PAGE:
French lawmakers to vote on controversial Covid-19 smartphone-tracing app
The French government has decided to allow lawmakers to vote on its plan to launch a contact tracing app to fight the coronavirus outbreak, lawmakers and the prime minister’s office said on Tuesday.
The government’s U-turn came after mounting criticism from members of parliament, including MPs from President Emmanuel Macron’s party. It initially planned to hold a debate on April 28-29 without a vote.
”Thanks to the government for finally changing its mind, it’s a good decision for democracy,” lawmaker Matthieu Orphelin tweeted.
For all the espoused benefits of such apps, the issue has proved somewhat divisive in Europe, with deep misgivings expressed over the potential for data abuse and privacy violations.
Lawmakers from Macron’s party told Reuters earlier this week the decision not to allow a vote would undermine the app’s democratic legitimacy. The opposition Socialist party had also urged the government to hold a vote.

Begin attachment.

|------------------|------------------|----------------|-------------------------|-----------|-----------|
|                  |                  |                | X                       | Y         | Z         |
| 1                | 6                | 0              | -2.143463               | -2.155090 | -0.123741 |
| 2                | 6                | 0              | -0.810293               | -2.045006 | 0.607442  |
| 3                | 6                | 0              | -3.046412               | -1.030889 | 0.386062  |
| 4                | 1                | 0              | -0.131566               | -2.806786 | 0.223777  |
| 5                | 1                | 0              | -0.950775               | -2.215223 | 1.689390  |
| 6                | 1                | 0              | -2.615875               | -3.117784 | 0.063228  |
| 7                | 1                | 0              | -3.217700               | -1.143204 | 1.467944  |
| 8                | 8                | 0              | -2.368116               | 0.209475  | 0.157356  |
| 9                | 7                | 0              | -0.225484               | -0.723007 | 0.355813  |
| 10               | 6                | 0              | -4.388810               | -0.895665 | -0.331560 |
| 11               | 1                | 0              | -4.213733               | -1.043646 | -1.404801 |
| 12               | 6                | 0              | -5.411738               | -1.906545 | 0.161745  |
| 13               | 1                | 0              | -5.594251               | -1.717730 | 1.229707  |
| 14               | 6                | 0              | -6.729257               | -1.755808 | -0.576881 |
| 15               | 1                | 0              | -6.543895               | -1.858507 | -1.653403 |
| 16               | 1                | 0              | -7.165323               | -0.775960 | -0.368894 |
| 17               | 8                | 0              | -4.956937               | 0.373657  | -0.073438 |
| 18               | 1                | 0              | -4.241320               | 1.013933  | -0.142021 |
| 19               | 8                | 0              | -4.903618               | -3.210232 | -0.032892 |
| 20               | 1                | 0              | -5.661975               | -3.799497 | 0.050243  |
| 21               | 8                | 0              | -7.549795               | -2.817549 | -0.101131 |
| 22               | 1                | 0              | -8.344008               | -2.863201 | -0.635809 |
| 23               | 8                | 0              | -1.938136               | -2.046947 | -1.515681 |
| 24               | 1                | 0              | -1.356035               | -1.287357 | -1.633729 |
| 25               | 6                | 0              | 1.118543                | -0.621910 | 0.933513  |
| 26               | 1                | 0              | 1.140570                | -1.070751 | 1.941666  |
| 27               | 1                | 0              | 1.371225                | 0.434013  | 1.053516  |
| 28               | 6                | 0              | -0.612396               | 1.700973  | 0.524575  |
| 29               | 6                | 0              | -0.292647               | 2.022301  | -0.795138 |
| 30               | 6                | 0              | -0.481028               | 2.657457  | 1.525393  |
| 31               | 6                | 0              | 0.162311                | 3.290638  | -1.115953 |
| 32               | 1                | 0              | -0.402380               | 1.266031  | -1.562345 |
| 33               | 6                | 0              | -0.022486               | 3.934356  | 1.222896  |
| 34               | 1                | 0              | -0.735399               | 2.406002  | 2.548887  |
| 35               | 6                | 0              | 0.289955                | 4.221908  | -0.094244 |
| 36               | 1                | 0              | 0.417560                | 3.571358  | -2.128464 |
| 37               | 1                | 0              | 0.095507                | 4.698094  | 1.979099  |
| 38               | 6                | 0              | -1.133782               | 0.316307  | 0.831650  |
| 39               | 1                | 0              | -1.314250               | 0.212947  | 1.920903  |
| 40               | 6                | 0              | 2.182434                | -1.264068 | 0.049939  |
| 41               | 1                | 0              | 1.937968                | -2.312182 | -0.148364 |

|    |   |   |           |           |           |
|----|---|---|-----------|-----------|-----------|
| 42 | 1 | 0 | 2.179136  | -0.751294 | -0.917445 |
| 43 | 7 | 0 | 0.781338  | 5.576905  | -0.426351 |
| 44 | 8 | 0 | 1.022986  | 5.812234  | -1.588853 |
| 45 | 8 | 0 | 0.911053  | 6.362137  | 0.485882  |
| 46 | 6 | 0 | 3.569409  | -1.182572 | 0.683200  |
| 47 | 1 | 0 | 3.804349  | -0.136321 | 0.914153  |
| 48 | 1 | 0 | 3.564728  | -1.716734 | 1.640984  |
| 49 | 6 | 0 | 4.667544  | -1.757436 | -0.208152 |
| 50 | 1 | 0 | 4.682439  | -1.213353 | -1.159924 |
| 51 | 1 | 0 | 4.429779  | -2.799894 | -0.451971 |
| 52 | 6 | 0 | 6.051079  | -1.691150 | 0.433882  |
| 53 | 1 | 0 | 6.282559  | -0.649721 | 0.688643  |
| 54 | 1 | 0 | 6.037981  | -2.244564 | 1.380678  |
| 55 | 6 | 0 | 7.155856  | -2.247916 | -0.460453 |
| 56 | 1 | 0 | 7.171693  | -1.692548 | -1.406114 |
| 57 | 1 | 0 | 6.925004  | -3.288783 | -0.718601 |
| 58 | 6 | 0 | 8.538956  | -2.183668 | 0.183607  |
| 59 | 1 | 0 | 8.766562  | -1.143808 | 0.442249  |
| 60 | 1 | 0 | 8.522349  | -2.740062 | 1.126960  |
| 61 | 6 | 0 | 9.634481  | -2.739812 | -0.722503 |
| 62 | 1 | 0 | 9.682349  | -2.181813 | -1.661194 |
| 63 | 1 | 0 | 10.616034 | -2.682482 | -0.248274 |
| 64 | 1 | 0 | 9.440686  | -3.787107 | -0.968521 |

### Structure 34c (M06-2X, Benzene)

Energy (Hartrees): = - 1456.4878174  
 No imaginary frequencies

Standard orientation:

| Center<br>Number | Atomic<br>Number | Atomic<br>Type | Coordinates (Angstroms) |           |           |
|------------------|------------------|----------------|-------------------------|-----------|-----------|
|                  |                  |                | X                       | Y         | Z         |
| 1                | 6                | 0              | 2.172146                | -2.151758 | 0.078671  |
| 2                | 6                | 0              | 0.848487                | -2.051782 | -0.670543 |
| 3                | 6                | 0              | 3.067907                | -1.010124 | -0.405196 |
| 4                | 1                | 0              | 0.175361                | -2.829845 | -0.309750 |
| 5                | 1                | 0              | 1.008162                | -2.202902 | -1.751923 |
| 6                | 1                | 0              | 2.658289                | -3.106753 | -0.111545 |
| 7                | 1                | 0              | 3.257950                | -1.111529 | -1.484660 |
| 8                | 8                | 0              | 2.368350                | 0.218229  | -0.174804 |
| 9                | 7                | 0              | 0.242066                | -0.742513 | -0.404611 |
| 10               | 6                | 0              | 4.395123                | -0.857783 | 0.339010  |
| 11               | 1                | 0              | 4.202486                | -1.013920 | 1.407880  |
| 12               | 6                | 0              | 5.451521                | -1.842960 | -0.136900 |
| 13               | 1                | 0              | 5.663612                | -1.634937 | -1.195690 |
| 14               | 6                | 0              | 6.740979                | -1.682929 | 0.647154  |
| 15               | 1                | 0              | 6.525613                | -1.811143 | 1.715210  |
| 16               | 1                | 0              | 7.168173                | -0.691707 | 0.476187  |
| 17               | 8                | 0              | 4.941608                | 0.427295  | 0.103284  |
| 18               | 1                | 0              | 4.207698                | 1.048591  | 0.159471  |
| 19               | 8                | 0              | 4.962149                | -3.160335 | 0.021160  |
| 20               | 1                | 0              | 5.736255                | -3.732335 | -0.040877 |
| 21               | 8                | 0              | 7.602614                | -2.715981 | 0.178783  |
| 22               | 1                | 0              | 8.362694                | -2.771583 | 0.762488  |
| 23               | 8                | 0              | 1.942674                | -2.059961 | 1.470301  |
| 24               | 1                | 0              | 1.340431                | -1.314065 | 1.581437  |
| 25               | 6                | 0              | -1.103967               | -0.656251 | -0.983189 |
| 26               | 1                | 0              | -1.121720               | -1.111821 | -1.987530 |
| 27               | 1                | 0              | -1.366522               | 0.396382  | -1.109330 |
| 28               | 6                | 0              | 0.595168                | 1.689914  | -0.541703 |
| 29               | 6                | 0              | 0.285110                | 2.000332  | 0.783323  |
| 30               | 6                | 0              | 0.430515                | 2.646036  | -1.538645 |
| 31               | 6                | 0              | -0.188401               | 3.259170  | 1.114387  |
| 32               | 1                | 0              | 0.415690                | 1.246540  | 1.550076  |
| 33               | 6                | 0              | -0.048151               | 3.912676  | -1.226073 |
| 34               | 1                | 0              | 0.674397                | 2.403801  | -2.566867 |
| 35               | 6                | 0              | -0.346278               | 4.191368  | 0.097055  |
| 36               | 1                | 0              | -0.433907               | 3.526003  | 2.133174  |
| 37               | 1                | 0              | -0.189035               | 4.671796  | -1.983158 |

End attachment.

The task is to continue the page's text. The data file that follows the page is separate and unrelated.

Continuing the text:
Separately, a government official said Apple was refusing to change the privacy settings of its phones to make them compatible with the French government’s app, confirming an earlier report by newspaper Les Echos.
In a hearing behind closed doors on Monday, digital affairs minister Cedric O told members of the Senate that Apple was so far resisting French demands to make the future app detectable via bluetooth even when its not active.
The minister told the Senate that if Apple lifted its technical barriers to the development of the application, he was hopeful it could be launched on May 11, Cedric O’s office told Reuters on Tuesday.
Apple declined to comment.
Two competing app projects have emerged in recent weeks. A German-led initiative, called Pan-European Privacy-Preserving Proximity Tracing (PEPP-PT), is backed by the French government.
The other is a decentralised contact tracing protocol called DP-3T, pioneered by Swiss researchers, that is aligned with a technology alliance between Apple and Google.
Daily newsletterReceive essential international news every morningSubscribe